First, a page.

AUGUST: OSAGE COUNTY tells the dark, hilarious and deeply touching story of the strong-willed women of the Weston family, whose lives have diverged until a family crisis brings them back to the Midwest house they grew up in, and to the dysfunctional woman who raised them.
AUGUST: OSAGE COUNTY tells the dark, hilarious and deeply touching story of the strong-willed women of the Weston family, whose lives have diverged until a family crisis brings them back to the Midwest house they grew up in, and to the dysfunctional woman who raised them. less
“August: Osage County suffers from the confines of being adapted from a play but the powerhouse performances and high-octane drama get the job done. One time watch.”
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There is some brilliant acting on display here, a stellar star cast to put it mildly, and some amazingly powerful set pieces that dazzle and shock you to the core. Hilarious, shocking, moving, and yet something is amiss in August Osage County in terms of its story that leaves you a tad underwhelmed.
Violet Weston is an old foul mouthed matriarch whose husband goes missing and is later found dead. Her three daughters and extended family including an equally if not more foul mouthed sister and demure BIL come together for the funeral. What ensues is an unravelling of old skeletons from the Weston cupboards and a lot of self-reflection. A screen adaptaion of Tracy Lett’s Pulitzer winning play, AOC traces the idea of identity, family and womanhood with finesse and laced with an amazingly sharp dark humour.
August is a harsh dry hot month in Osage County, nothing is worse than spending the month with the Westons, or so it would seem. Relationships and families are too much to handle most of the time. Especially so when the age clock is ticking and you are either single, or in between a separation.
Then there is the ugly duckling in the family, the useless one who remains underwhelming as an adult as well. Every single flaw and crack in the family set up gets magnified and dissected in this two hour long Soap saga. No one is spared, no kindness shown, and every single character fault line is barred out in the open. Deliciously evil especially is Meryl Streep as the cancer stricken Violet.
The narrative begins with already messed up lives, emotionally charred and strained relationships. The characters make us hate them, revolting as they are in their choice of words and behaviour. Yet as the film progresses, we get to see that they are much more complex than they seem, that there is far too much pain from where the vile tongues lash out at each other, and we sympathise, if not empathise with most of them.
In one scene, the entire Weston family is seated for dinner post a funeral, Violet takes charge, her pill popping dazed mind decides to give the truth naked and stark dishing one rude comment after another as secrets are tossed and hurled garbed as accusations. Even the 14 year old granddaughter is not spared humiliation by her severely foul mouthed grandmother. No one butts in to pause the slandering and as an audience you get to see the ugliest underbelly of the Weston Family.
Yet, from there on, we are taken deeper into the psyches of these very revolting characters who just minutes ago had literally come to blows rolling on the ground. As an anguished and angry Julia Roberts orders her mother to “Shut the F*** up and eat the F*****g fish” you are less shocked by her manner and more saddened by the utter helplessness and disgust she has at her own self turning into her own mother.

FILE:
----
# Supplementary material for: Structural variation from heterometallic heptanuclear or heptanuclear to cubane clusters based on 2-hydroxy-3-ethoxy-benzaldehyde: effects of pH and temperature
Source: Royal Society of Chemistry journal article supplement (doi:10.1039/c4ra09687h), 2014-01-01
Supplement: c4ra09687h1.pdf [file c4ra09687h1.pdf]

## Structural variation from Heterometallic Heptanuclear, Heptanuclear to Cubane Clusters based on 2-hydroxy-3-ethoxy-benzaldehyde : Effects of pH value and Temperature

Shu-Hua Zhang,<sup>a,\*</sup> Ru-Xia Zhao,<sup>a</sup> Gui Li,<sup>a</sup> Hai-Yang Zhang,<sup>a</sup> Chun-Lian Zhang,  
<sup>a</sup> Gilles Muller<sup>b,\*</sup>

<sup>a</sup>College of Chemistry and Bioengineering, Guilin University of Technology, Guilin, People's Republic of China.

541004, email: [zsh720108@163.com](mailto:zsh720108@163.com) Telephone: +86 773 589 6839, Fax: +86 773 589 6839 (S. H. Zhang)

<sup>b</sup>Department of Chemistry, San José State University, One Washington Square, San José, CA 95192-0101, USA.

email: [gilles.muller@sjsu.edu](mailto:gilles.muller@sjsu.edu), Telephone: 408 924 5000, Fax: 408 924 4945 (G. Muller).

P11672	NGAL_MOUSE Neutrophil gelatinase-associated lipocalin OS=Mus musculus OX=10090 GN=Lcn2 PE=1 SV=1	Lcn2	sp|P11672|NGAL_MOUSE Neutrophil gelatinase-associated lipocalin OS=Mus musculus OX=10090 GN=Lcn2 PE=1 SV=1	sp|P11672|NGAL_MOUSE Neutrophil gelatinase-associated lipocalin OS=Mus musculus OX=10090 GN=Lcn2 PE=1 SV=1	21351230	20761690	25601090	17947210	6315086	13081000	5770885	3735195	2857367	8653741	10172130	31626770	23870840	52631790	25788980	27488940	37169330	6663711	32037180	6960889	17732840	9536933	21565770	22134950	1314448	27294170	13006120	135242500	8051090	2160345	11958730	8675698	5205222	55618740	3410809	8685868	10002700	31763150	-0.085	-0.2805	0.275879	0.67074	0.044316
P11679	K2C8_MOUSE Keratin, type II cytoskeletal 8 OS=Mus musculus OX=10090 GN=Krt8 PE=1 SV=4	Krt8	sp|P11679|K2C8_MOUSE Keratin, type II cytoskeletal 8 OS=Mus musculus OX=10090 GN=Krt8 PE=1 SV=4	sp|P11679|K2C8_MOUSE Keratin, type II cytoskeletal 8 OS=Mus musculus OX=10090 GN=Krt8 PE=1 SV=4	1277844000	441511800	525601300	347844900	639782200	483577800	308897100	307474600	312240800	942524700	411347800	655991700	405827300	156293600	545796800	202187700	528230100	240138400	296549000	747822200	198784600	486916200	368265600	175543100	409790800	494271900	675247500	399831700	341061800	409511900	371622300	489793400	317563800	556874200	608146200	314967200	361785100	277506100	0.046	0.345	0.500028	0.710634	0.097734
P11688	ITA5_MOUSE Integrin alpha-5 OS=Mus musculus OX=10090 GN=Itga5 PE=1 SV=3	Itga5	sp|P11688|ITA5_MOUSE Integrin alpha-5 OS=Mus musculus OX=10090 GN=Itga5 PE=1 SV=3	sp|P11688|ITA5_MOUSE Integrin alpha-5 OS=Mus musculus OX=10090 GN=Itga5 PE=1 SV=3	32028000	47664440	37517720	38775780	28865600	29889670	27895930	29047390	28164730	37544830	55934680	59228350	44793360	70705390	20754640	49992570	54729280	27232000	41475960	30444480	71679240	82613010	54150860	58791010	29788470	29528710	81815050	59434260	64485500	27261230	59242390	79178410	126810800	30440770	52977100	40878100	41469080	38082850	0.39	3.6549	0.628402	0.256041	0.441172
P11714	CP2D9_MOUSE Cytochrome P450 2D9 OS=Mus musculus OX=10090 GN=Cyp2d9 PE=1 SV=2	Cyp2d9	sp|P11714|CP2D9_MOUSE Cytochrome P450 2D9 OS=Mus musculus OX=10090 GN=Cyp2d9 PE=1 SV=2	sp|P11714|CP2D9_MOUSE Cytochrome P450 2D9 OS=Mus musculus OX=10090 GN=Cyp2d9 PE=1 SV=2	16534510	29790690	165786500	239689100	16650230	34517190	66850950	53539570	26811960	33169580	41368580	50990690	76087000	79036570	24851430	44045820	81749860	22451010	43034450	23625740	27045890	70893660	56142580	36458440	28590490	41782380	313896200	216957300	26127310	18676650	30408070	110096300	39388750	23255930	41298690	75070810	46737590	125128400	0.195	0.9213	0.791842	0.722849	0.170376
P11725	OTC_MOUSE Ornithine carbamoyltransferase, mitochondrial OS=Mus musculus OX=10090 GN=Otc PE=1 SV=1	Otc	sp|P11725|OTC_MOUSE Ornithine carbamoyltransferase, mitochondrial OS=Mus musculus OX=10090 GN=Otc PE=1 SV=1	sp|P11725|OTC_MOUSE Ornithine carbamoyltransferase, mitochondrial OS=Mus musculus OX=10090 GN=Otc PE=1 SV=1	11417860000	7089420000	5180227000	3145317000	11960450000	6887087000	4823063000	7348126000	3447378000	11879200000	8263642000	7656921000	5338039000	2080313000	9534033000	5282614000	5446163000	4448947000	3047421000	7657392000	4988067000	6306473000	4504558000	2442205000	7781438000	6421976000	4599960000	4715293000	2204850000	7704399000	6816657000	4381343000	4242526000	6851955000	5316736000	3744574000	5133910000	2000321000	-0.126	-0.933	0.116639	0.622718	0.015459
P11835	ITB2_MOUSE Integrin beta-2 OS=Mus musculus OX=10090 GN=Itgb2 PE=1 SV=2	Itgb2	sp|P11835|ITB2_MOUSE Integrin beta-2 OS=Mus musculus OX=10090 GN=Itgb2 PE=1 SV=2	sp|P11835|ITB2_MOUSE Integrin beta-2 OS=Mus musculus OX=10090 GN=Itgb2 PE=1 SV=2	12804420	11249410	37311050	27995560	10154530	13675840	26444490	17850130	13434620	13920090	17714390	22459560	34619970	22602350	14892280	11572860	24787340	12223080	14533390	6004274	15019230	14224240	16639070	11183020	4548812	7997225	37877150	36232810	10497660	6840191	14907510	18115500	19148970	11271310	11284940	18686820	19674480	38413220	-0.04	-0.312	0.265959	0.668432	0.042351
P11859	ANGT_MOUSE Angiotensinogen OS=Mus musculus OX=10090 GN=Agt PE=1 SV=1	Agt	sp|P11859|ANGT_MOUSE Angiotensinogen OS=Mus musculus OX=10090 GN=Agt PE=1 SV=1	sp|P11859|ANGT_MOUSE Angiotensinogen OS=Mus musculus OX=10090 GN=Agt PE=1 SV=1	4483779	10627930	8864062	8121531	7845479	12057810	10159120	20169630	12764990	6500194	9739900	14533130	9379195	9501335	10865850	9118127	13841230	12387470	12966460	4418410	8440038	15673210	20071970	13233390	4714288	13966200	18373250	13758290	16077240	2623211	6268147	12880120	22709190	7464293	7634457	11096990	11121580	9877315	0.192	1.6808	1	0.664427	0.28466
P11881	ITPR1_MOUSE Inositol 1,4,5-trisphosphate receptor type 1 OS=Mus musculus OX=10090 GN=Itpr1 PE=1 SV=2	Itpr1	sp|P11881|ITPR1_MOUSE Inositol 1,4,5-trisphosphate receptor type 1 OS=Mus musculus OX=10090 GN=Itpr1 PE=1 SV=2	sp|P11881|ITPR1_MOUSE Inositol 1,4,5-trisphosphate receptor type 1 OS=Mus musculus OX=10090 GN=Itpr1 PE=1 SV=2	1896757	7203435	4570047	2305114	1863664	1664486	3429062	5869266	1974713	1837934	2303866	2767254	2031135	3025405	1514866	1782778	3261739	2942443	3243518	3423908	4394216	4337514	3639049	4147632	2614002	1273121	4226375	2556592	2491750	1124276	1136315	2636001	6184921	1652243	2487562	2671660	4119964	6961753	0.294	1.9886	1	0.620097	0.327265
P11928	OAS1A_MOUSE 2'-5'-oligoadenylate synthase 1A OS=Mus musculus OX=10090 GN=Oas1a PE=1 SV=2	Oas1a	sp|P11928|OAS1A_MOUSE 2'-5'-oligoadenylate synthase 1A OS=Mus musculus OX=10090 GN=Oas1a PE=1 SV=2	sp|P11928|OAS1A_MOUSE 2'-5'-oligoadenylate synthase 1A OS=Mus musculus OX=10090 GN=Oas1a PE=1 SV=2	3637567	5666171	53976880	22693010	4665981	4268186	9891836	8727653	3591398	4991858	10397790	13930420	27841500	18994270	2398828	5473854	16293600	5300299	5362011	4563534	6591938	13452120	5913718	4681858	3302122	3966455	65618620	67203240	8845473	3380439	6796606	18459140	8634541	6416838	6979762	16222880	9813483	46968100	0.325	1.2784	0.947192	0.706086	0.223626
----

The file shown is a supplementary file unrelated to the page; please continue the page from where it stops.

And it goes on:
Violets traumatized past is inherited in the form of extreme bitterness by Barbabra, her eldest daughter (A fantastic Julia) and her indifference to her own children affects her other two daughters, one who is a wandering serial lover falling for one wrong guy after the other, while the other is a passive underdog verging on incest. In two hours and a lot of screaming and shouting, we get a glimpse of the cycle of victimization that subconsciously families enter into, a never stopping chain of misery and ill treatment that families somehow find it in them to justify and perpetuate.
Needless to say, a lot of the impact that AOC makes is due to its stellar cast. Meryl Streep outdoes her own self as Violet. She is senile, addicted to pills, and has a tongue that is as a sharp and vile as a scorned witch. When she speaks, she sucks out hope from life, when she speaks, she manages to dim the brightest of spirits such is her discontent with her own life. As Violet, Streep not only makes us hate her, but also makes us realise the amount of pain and helplessness that is the cesspool from which sprouts her evil.
Giving her tough competition is Julia Roberts, perhaps in her finest turn after Erin Brokovich, as the earnest mother trying hard to deal with her own mom and her broken marriage and a teenage rebel of a daughter. The pain of grappling with her breaking family, facing the reality that she is turning into her mother, is beautifully brought to the fore. You rejoice at her bravado when she literally puts Violet to the ground and slaps her hard after the first vitriolic dinner episode. The other cast that impresses is Violets siter Matti Fey, played by the gregariously dominating Margo Martindale and the surprise passive take by Benedict Cummerbatch as Little Charles. It is these beautiful turns that divert attention from sometimes clichéd and mostly screaming soap opera-ish scale on which the film is mounted.
August Osage County hits you in the face with a tsunami of hatred, deceit pretence and family politics. It also warms your heart with the idea that no matter how wrong things in life are, one does find courage within them to trudge on. It is this sliver of hope that keeps a family together, that keeps one going on, a testimony to the fact that sometimes to keep a family together, it is best they stay apart.